Photos by Kim Baskin/GBC-Education
A sea of hands shoot up during the first period at a girls’ primary school in Nairobi, Kenya. The school girls are seated in front of a television monitor showing a scene of local forests and rivers. The teacher hits pause on an image of a parched sub-Saharan plain. I watch the video from the back of the classroom, but the schoolchildren are so engrossed in the film, they hardly notice me.
“Describe what you see,” the teacher says. “How does it represent the effects of climate change?”
The answers come easily: Global warming, deforestation, drought, flooding. Kenya is a developing country with 1,000,000 out-of-school children, where classroom resources are limited and the average teacher to student ratio runs as high 57 students per teacher. But new doors to learning are opened when teachers are engaging and interactive, and the curriculum is both grounded in students’ everyday realities while at the same time opening their minds to new opportunities.
Discovery Learning Alliance (DLA), a nonprofit spearheaded by Discovery Communications, a founding member of GBC-Education and partner in the U.K. Department for International Development (DFID) Girls’ Education Challenge grant, is working to transform the way these girls learn. Harnessing the power of media through video in the classroom, peer-to-peer teacher training and capacity building, and partnering with companies such as Samsung to equip classrooms with televisions and DVD players, DLA is piping new enthusiasm into the classroom and changing the way students and teachers interact, and ultimately learn. The result is improved teacher effectiveness, student retention, enrollment, attendance, learning, and perhaps most importantly, student motivation.
With DFID and Discovery’s support, DLA has established 1,000 school-based Learning Centers and 642 Girls’ Clubs in just two years. Working in some of the most impoverished and remote areas of Kenya, Ghana and Nigeria. The initiative helps girls overcome local barriers to education through a partner-focused model which supports each community in identifying the barriers and developing and implementing action plans to address them. Simultaneously, DLA equips classrooms with TVs, DVDs, and content that brings learning to life. Local teachers are empowered through extensive training to support student-centered learning, developing 21st century skills, gender responsive pedagogy, parent engagement and program sustainability. Schools and communities are fortified as they work together to address local barriers to learning.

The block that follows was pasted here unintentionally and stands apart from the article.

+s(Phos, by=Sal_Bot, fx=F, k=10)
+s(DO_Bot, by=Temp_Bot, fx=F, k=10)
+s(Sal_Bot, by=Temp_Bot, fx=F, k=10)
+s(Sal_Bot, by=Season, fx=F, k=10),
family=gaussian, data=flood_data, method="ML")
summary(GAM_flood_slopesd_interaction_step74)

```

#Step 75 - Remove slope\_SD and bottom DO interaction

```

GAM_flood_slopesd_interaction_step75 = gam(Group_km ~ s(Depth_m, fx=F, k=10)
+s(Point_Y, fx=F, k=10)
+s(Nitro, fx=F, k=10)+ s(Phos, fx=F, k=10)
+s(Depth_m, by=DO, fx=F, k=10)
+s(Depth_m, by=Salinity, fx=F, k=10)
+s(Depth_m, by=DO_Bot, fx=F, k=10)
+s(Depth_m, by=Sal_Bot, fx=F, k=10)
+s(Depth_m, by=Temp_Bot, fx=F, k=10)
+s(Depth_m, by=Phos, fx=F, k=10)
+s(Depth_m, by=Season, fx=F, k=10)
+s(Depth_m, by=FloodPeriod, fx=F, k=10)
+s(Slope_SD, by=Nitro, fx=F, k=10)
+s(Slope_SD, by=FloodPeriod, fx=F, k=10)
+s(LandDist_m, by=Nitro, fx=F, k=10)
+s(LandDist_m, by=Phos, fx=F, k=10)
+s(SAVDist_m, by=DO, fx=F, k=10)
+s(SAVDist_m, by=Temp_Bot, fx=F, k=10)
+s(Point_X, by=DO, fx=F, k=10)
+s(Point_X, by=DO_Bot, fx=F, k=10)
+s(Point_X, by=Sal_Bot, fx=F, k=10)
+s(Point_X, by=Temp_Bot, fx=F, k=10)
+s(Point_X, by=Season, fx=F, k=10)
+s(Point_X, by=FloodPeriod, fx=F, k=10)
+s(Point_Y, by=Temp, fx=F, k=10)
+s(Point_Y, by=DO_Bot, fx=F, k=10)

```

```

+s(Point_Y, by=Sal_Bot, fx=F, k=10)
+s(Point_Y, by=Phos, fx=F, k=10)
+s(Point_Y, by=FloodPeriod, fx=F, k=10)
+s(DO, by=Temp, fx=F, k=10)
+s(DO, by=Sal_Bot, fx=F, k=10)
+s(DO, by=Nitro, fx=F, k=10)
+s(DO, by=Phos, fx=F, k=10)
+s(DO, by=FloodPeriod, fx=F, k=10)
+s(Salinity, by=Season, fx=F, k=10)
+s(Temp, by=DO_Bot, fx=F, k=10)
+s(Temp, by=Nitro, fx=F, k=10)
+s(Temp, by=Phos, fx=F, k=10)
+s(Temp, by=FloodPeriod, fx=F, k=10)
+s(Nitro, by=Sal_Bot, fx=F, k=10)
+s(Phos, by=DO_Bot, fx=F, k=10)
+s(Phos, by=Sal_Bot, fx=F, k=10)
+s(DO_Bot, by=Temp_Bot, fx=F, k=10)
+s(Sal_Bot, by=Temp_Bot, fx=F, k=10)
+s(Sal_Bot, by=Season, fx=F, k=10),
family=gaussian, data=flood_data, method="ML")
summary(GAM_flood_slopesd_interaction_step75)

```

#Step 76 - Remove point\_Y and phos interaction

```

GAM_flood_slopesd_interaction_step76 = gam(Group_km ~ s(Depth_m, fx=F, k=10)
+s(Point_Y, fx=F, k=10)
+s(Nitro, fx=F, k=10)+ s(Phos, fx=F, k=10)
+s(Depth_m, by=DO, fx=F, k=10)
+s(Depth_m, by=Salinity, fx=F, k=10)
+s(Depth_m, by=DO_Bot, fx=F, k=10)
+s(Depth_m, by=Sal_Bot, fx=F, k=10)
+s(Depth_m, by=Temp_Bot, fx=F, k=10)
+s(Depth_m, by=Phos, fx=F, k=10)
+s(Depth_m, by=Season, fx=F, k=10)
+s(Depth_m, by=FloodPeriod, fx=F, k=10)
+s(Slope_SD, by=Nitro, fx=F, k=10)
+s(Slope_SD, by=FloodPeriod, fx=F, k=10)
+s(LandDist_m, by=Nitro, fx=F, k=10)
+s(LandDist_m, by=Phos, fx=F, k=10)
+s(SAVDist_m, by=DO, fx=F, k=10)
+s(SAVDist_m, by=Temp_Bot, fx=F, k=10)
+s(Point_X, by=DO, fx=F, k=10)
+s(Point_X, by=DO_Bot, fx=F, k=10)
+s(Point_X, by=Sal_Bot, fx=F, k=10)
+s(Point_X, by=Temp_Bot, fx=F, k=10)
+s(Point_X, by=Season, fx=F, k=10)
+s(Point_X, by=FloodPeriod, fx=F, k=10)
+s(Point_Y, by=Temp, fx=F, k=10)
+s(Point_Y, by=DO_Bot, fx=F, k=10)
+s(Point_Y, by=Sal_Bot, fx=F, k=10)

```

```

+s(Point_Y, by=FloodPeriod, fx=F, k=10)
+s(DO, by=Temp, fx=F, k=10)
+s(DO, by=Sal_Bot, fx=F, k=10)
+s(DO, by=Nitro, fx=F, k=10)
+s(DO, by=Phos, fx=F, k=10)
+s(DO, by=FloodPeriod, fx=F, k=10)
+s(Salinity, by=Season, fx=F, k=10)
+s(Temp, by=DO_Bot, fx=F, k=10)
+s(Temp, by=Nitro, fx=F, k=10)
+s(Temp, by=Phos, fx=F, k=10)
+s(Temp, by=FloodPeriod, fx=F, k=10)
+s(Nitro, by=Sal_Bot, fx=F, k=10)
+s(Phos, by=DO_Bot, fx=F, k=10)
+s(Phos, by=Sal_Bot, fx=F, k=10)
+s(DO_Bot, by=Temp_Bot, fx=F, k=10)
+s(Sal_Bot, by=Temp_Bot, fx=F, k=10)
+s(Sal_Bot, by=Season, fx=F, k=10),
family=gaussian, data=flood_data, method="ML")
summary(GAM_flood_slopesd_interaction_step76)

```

Just weeks before International Women’s Day, my visit to the all-girls school could not have been better timed: With 63 million out-of-school girls around the world, these children tend to be doubly marginalized, for discrimination towards girls starts young and shapes their futures forever. Investing in their education provides huge returns: For every $1 invested in preschool, a girl’s future wages may be $17 higher; allowing her to access just one more year of secondary education than her average peers may raise her future income by up to 25 percent. Better yet, teaching a young girl to value her education and fall in love with learning is an investment that cannot be matched by any monetary return.
After first period at the school, I followed a group of older girls, 13- and 14-year-old members of the Girls’ Club out on to the football pitch behind the main building. Faith, the 13-year-old group leader explained that they chose the name Phoenix, after the mythical bird that rises from ashes and “never gives up!”
The girls identified access to sanitary pads as a barrier to education in their own lives. While they were fortunate enough to find a local partner willing to donate sanitary towels, the girls quickly realized the school lacked a proper disposal system, and having them safely removed by an outside vendor could run up a bill of nearly $700 a month. Their fix, though, was brilliant: The girls farmed their own herbs to make soap which they then sold within their community and raised the money to build and maintain an incinerator on the primary school grounds. Their solution was so effective that even the neighboring secondary school and local health center uses it, making it a hub of the local community and a testament to the power and ingenuity of girls. The money saved through the student run and led project now funds a scholarship program that aims to help one underfunded girl each year complete her education.
DLA’s inclusive, partnership-focused approach to solving region-specific challenges to learning is helping girls around the world and across Africa. To take this work a step further, and into an even more difficult situation, Discovery Communications and DLA are teaming up with sQuid, a digital transaction and learning solutions company, aiming to deliver a learning platform for Syrian refugee children which will include real-time attendance monitoring. sQuid, is already well established in Kenya through its iMlango program in partnership with Avanti Communications, Whizz Education, and Camara Education. iMlango provides online learning resources, and electronic attendance monitoring through an easy-to-use smartcard system to 15,000 students across 200 rural schools.
I experienced the iMlango program in Kajiado County and saw firsthand how students enjoyed having ownership over their own smartcards to log into computers or to check-in to class. Outside the classroom, teachers and administrators get this information in real-time and have an ongoing sense of where and when children are struggling or excelling so those students who need it most can have extra support. Time will tell whether all of these innovative solutions and partnerships catch on. One thing is certain though: learning has never looked or felt this exciting.